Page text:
Urban communities that opt for green infrastructure, such as rain gardens and on-site water treatment features, might be able to find willing volunteers to help maintain it. Because it is decentralized across a city and requires constant maintenance and upkeep, green infrastructure is difficult to maintain for public works departments. A study by the University of Illinois and Reed College found that residents value such landscaped features and some said they would be willing to help maintain them.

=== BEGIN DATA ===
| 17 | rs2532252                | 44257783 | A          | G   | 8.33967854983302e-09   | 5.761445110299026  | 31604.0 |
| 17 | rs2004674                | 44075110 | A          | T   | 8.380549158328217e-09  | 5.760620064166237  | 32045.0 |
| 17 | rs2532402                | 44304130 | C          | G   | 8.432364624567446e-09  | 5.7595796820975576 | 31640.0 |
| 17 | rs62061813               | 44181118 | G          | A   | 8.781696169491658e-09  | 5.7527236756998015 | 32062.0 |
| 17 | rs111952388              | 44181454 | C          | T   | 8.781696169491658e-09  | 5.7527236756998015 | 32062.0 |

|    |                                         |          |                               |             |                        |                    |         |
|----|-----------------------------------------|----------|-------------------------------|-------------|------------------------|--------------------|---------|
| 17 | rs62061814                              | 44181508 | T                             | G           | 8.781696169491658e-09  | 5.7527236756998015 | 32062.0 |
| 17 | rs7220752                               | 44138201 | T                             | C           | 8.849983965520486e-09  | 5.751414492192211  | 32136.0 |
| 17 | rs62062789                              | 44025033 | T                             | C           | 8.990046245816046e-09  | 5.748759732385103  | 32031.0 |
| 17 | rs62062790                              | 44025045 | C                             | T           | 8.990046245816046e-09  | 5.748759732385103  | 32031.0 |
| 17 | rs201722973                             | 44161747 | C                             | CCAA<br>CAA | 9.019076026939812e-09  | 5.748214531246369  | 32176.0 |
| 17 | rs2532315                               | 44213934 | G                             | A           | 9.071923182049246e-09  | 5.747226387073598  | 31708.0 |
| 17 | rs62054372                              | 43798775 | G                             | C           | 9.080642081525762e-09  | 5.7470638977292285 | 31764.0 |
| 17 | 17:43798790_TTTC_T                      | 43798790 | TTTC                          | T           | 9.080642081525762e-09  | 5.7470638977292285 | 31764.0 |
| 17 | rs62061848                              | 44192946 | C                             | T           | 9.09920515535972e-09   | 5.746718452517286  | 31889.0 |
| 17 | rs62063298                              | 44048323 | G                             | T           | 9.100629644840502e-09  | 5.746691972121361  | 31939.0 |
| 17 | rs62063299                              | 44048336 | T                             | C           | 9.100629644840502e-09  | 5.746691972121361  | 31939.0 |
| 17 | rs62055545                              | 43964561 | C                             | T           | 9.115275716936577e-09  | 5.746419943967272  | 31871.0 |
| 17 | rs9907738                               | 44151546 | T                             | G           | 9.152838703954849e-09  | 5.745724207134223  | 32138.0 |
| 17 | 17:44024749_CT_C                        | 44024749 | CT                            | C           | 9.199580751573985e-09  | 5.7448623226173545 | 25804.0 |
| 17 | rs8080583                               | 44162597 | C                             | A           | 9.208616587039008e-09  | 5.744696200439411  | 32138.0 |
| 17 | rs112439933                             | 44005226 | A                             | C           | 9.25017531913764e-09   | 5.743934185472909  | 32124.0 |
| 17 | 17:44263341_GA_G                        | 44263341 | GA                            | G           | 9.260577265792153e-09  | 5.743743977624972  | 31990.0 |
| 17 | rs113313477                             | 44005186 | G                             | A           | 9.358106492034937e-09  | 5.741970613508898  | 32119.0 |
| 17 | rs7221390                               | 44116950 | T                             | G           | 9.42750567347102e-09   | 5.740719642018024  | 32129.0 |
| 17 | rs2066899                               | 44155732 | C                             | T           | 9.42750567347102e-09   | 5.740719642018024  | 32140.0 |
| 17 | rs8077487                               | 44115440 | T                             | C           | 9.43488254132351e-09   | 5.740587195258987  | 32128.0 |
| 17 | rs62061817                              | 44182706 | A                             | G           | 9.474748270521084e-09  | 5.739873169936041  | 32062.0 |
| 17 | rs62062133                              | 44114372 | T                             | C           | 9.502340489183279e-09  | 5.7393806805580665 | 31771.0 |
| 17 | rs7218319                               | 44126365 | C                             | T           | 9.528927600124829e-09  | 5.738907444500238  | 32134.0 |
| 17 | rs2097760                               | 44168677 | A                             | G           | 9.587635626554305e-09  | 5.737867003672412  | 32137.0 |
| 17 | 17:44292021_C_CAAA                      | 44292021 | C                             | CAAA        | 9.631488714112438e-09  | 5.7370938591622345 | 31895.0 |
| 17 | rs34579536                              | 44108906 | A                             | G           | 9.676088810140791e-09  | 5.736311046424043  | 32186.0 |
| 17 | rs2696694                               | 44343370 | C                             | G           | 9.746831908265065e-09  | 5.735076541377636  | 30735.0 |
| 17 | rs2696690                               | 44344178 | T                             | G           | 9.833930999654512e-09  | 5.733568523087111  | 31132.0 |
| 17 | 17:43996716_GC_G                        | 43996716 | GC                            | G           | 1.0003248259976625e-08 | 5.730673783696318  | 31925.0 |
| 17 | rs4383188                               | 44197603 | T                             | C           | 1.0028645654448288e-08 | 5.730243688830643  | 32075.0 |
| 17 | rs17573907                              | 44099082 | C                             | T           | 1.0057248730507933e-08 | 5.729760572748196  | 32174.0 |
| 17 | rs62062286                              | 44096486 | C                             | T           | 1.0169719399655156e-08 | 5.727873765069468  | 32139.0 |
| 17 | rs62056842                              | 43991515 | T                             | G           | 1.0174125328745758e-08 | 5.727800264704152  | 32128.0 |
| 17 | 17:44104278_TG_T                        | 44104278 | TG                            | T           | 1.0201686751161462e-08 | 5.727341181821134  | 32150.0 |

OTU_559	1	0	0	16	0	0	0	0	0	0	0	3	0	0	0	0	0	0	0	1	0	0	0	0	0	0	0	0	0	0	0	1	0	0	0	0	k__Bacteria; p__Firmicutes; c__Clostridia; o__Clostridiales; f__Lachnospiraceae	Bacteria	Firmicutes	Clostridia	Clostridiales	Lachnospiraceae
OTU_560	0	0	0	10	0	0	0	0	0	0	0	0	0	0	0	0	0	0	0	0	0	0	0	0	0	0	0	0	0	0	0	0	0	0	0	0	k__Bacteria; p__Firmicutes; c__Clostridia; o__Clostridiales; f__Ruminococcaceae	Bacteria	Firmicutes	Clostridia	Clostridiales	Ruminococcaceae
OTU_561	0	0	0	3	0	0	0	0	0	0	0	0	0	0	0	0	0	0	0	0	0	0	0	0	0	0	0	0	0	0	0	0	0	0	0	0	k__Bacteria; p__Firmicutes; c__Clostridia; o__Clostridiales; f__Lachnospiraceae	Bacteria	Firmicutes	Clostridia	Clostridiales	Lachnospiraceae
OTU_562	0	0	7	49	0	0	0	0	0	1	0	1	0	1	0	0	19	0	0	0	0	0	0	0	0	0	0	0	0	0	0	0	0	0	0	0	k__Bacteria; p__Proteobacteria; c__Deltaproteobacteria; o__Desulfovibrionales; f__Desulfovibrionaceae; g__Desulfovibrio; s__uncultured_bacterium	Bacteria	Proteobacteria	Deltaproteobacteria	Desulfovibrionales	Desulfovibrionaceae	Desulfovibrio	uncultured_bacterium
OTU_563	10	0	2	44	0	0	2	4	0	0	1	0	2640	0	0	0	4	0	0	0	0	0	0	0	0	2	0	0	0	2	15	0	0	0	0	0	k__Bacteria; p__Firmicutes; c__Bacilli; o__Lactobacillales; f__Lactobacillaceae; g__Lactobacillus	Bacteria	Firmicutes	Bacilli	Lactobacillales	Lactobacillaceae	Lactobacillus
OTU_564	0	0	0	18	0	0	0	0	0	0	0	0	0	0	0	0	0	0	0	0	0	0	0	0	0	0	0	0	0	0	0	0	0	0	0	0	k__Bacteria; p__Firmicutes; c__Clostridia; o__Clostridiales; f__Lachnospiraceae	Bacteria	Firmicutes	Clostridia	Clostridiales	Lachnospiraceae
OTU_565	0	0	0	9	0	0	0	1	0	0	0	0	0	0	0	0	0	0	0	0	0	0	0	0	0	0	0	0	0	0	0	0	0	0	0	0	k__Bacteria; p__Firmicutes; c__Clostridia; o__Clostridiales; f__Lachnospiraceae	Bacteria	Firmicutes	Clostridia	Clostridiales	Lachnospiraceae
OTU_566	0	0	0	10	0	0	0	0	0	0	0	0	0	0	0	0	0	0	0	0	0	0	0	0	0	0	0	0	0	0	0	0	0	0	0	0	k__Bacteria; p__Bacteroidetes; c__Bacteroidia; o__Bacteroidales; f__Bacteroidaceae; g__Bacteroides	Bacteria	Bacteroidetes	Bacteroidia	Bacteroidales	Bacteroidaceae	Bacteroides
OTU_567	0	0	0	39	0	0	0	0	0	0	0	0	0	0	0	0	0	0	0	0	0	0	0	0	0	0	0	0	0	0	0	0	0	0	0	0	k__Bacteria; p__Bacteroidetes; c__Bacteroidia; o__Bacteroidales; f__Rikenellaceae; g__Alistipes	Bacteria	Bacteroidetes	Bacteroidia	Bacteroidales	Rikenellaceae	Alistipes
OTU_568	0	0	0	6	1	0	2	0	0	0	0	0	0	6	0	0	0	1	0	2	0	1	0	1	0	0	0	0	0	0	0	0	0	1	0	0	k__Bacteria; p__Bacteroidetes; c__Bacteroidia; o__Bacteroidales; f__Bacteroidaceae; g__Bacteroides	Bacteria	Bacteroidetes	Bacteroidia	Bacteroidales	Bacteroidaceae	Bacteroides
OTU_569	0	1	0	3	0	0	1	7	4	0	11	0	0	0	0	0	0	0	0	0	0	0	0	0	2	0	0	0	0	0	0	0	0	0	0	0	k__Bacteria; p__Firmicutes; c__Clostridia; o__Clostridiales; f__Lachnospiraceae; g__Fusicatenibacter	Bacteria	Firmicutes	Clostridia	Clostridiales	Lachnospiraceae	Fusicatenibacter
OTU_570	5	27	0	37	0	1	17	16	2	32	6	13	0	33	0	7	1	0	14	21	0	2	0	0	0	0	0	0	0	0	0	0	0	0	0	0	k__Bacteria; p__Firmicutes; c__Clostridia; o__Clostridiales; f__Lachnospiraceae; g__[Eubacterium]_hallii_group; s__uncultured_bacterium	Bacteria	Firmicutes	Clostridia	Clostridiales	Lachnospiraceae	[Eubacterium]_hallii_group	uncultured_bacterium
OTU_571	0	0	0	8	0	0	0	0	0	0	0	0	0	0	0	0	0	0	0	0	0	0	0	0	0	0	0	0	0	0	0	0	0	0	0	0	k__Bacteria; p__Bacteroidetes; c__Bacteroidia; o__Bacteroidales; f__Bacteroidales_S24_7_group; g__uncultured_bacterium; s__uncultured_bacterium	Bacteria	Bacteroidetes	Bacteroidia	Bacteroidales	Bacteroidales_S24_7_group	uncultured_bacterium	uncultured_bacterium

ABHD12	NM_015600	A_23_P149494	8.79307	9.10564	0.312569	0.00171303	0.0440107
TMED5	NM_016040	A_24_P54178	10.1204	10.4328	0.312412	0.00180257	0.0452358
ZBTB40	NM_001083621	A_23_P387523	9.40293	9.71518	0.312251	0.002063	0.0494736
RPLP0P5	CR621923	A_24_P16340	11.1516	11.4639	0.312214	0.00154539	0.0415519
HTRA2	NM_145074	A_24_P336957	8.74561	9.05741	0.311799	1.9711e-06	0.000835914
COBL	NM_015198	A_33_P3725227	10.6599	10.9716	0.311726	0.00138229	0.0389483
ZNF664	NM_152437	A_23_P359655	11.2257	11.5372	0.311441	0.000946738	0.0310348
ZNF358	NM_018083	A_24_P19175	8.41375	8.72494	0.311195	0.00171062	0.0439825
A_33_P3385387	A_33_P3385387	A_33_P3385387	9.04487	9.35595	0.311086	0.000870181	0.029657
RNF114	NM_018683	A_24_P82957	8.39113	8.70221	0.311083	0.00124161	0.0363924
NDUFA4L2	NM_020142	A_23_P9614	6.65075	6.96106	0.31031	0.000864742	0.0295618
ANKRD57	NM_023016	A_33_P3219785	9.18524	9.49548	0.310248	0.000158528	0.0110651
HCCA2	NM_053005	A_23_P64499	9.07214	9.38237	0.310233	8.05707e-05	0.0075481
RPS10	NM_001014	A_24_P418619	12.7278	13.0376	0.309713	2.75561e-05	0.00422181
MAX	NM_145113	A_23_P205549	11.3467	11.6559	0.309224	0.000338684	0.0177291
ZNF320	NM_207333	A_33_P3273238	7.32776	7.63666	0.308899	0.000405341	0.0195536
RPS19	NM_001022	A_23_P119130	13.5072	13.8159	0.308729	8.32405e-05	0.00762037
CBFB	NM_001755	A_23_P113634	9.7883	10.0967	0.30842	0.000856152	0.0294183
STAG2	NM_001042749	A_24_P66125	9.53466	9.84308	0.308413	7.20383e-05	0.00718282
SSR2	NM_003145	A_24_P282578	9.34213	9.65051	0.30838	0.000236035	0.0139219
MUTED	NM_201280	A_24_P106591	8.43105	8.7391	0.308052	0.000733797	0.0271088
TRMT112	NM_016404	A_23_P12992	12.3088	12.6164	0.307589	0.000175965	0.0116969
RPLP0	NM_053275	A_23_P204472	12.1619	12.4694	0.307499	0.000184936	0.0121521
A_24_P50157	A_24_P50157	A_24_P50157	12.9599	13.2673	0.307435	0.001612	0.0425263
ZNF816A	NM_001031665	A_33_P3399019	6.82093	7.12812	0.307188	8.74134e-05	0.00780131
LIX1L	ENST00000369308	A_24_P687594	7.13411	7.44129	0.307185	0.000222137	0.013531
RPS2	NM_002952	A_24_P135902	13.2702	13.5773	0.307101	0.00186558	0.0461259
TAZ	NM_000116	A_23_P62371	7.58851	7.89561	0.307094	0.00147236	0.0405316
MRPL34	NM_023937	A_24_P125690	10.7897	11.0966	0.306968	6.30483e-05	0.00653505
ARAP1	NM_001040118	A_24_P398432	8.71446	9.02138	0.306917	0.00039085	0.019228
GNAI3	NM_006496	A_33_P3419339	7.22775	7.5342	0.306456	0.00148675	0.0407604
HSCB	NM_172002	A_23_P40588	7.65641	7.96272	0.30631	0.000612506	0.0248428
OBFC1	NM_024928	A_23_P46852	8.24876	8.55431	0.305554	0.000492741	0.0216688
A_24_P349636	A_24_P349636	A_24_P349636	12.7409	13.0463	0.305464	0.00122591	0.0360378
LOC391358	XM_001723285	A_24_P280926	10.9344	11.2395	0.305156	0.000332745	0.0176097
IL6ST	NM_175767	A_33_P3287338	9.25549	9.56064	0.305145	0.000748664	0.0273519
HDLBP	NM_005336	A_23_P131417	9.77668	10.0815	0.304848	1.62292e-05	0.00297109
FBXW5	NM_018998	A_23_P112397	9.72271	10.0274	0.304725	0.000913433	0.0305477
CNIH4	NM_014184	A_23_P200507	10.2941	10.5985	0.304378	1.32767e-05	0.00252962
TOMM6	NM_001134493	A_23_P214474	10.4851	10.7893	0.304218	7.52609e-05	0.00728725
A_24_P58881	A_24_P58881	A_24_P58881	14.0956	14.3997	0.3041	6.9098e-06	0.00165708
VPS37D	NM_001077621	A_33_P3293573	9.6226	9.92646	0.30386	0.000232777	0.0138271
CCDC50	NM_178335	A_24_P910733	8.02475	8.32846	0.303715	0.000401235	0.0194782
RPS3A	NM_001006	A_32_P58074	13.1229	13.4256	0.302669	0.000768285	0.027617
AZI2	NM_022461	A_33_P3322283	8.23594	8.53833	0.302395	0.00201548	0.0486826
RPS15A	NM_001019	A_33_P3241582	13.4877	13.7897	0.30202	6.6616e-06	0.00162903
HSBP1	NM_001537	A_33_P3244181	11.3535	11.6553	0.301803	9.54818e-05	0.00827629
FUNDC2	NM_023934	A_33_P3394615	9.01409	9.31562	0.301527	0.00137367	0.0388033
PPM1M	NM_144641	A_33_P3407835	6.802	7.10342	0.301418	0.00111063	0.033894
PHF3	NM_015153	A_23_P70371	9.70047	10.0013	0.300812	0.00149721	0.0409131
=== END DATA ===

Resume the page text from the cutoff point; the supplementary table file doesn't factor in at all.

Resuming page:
The researchers in Chicago and Portland, Ore., offered respondents a series of hypothetical scenarios aimed at reducing flooding, improving water quality, and strengthening aquatic habitats in local rivers and streams. The study found that people would be willing to spend a considerable amount of time working to support environmentally beneficial features especially if it directly benefitted their local community. Respondents strongly valued efforts to improve habitat for aquatic creatures and to reduce water pollution to make rivers and streams more usable.
The study also indicated support for fees or taxes to fund these projects.